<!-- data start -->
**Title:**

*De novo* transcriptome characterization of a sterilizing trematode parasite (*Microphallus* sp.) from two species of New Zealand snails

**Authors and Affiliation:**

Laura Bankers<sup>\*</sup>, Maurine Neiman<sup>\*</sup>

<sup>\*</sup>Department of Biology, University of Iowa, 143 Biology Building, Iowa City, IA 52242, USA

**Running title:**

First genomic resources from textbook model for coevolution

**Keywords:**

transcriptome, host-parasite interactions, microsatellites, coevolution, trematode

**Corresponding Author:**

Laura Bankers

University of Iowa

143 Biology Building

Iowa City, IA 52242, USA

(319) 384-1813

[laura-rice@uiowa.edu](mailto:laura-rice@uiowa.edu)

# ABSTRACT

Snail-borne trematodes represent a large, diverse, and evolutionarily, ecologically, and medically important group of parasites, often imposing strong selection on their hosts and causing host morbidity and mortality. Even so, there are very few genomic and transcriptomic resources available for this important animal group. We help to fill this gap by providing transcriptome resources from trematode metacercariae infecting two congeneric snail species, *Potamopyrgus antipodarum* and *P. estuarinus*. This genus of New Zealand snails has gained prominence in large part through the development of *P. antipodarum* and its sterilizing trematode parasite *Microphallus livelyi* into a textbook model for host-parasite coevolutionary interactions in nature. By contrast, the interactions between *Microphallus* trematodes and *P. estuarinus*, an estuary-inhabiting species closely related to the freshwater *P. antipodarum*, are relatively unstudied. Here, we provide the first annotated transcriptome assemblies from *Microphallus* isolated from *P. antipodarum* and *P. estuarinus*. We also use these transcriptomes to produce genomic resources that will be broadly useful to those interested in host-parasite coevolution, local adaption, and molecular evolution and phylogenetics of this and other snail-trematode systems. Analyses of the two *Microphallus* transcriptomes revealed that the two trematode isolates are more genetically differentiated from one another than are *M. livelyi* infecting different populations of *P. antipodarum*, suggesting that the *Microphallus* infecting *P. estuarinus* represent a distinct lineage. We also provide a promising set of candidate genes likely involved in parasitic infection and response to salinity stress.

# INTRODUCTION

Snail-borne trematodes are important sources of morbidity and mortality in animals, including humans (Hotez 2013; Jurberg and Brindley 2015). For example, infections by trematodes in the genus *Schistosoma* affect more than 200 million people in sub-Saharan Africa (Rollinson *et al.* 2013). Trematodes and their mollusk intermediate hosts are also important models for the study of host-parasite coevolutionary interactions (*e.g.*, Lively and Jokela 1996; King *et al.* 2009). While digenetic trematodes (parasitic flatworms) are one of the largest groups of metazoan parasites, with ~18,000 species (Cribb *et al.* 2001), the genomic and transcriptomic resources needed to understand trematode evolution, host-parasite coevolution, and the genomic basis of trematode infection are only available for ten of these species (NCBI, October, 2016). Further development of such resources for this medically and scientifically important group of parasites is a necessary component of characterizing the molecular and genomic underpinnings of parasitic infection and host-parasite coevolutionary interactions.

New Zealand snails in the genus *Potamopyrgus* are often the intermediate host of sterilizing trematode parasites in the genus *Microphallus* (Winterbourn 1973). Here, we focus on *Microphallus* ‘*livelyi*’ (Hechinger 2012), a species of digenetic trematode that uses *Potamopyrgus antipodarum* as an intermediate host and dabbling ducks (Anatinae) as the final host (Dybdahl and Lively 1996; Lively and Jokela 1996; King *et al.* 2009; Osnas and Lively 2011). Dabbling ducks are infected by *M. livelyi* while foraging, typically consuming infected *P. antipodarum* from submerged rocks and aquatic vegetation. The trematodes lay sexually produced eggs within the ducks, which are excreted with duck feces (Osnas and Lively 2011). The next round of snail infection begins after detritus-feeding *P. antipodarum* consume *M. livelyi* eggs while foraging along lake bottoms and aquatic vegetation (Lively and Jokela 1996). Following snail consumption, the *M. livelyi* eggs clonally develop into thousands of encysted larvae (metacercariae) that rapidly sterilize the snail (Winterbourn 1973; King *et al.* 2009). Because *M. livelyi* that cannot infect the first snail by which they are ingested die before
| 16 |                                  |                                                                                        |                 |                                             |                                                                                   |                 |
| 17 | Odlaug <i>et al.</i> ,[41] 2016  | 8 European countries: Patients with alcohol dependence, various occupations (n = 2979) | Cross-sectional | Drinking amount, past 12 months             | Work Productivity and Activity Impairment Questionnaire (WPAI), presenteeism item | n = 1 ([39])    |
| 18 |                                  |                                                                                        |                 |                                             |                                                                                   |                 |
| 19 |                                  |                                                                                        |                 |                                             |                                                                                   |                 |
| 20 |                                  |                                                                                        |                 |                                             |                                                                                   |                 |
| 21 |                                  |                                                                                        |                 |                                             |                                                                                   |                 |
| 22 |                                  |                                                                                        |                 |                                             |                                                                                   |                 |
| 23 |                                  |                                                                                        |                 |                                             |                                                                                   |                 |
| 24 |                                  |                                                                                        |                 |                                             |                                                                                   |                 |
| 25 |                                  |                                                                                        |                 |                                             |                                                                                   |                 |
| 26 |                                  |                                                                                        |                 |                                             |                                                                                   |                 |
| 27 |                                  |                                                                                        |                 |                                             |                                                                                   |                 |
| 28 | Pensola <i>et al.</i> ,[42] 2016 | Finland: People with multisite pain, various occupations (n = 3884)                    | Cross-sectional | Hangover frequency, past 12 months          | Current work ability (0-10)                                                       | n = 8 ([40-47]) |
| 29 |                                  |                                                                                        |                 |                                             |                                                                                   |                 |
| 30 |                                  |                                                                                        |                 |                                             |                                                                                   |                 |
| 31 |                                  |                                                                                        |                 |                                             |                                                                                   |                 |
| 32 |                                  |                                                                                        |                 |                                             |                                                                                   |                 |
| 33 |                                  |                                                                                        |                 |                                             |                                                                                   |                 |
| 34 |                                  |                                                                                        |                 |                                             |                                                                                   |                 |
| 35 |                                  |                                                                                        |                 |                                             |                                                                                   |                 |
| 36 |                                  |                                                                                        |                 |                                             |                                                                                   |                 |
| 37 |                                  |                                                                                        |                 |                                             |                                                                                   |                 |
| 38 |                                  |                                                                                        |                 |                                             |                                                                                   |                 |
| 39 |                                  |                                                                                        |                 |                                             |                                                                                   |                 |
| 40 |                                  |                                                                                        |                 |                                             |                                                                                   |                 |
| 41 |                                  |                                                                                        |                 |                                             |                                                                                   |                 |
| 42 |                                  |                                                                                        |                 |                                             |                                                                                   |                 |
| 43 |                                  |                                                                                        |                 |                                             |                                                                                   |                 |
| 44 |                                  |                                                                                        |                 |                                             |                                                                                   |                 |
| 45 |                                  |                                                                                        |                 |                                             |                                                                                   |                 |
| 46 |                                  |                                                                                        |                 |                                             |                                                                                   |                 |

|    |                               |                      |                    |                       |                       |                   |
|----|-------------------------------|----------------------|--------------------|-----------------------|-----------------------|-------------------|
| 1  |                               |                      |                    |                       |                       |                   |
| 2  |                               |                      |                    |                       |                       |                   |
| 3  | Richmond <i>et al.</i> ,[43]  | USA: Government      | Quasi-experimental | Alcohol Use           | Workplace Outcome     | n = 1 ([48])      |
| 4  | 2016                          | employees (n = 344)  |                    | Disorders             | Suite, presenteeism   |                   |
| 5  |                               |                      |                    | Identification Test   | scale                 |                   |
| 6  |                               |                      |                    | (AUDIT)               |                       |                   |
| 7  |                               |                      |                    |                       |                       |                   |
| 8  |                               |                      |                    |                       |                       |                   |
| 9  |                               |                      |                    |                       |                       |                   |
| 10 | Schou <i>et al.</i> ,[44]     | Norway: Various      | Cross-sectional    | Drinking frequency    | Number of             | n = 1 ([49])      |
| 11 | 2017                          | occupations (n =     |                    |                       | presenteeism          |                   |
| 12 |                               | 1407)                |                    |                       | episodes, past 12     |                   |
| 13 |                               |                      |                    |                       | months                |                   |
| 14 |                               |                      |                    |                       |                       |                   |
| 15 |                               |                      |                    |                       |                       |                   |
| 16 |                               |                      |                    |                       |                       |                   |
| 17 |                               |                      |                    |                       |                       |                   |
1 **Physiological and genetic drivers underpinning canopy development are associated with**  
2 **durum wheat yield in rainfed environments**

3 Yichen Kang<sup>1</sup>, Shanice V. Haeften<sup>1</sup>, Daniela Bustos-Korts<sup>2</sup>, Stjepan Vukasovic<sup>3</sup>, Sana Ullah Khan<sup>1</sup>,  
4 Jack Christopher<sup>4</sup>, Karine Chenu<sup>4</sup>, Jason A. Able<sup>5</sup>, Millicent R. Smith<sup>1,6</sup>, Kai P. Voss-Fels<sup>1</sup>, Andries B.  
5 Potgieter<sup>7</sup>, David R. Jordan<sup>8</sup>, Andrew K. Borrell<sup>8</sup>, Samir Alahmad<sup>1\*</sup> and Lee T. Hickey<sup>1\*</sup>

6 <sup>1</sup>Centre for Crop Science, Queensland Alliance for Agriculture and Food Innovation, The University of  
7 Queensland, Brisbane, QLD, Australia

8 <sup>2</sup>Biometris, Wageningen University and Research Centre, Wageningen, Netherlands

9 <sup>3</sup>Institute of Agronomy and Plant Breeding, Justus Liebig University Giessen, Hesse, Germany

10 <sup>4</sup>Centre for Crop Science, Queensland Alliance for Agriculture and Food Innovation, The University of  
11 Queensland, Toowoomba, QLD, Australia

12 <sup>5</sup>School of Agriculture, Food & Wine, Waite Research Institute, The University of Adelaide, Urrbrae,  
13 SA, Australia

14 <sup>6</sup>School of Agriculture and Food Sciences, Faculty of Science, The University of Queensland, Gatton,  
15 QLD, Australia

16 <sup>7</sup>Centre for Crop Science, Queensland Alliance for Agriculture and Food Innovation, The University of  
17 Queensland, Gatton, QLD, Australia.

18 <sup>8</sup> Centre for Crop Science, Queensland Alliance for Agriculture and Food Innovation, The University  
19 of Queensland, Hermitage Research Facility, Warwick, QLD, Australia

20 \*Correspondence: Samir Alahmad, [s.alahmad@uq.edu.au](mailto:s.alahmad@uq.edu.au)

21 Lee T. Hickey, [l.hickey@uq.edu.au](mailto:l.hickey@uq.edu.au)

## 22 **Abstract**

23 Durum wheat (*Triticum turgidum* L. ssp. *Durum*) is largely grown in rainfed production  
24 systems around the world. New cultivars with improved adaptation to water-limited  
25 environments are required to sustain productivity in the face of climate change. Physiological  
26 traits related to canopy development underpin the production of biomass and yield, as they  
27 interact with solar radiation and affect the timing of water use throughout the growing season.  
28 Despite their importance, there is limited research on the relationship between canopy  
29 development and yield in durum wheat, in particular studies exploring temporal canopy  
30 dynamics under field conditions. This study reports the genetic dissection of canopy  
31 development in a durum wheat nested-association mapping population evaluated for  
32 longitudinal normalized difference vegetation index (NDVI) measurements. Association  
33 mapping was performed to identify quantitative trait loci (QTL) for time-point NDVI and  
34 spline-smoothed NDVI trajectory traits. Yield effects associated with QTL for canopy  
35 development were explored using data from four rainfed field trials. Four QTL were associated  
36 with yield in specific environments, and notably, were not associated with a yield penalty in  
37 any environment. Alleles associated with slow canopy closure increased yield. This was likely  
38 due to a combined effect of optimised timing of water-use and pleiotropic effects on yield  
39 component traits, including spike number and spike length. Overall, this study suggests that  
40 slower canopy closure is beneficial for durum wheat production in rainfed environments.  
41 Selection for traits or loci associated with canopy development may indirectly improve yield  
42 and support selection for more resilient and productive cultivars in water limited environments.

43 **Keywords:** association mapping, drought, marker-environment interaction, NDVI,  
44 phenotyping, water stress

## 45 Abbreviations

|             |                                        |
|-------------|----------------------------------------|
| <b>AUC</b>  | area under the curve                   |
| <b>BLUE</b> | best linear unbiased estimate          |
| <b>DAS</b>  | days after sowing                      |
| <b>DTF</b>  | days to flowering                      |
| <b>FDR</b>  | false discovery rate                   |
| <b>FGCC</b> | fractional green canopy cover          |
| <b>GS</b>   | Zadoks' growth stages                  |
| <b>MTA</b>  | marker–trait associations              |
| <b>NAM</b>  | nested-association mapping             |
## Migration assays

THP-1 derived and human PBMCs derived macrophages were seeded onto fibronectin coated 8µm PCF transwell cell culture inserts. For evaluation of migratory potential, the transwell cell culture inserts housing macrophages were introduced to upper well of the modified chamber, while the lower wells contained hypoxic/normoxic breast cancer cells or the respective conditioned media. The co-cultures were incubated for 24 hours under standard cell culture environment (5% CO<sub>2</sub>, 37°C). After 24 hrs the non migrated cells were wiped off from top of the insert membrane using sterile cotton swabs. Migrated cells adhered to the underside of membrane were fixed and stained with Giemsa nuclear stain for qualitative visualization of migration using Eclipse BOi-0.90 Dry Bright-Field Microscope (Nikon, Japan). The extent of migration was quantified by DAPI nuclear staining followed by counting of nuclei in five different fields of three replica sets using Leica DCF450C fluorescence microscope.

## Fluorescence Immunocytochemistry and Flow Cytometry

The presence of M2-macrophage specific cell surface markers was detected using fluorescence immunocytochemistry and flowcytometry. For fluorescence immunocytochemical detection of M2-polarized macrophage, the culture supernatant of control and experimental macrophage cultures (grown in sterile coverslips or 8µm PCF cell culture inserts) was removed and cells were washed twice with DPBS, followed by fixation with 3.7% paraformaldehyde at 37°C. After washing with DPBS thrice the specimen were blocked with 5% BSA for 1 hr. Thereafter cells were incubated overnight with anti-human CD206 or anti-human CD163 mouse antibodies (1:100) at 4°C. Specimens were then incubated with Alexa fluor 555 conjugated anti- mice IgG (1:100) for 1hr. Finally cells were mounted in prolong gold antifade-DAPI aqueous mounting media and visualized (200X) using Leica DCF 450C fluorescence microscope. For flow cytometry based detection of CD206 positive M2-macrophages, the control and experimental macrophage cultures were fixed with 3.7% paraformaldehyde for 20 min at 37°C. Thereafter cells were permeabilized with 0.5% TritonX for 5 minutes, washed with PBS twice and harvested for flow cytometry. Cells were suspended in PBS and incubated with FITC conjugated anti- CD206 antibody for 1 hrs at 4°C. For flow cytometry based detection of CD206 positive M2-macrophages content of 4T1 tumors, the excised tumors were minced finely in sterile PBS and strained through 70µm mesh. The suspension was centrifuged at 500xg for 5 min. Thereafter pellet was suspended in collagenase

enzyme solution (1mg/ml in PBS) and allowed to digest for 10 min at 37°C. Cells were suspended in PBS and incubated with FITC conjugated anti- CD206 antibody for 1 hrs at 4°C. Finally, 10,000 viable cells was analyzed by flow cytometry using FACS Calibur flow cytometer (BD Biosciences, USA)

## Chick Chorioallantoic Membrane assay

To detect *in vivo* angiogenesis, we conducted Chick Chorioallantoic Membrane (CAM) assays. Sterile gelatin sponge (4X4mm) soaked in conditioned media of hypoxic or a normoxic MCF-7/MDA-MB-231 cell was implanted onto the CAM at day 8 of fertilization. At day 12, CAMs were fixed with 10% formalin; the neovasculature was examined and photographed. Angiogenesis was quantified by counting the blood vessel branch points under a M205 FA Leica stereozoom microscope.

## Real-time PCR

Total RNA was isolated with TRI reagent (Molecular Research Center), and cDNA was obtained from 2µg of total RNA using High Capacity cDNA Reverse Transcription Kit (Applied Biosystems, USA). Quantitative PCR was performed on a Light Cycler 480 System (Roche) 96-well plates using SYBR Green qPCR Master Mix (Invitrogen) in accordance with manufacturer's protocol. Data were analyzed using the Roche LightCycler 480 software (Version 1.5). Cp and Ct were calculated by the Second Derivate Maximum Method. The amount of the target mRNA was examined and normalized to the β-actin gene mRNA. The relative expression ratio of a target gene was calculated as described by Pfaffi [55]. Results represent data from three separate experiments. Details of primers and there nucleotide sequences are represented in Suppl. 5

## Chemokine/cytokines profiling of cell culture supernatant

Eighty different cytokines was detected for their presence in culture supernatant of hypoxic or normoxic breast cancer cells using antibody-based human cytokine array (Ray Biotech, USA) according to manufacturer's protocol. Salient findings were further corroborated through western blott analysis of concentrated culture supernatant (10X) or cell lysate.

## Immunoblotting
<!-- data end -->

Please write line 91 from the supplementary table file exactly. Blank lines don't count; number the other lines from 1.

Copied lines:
20 \*Correspondence: Samir Alahmad, [s.alahmad@uq.edu.au](mailto:s.alahmad@uq.edu.au)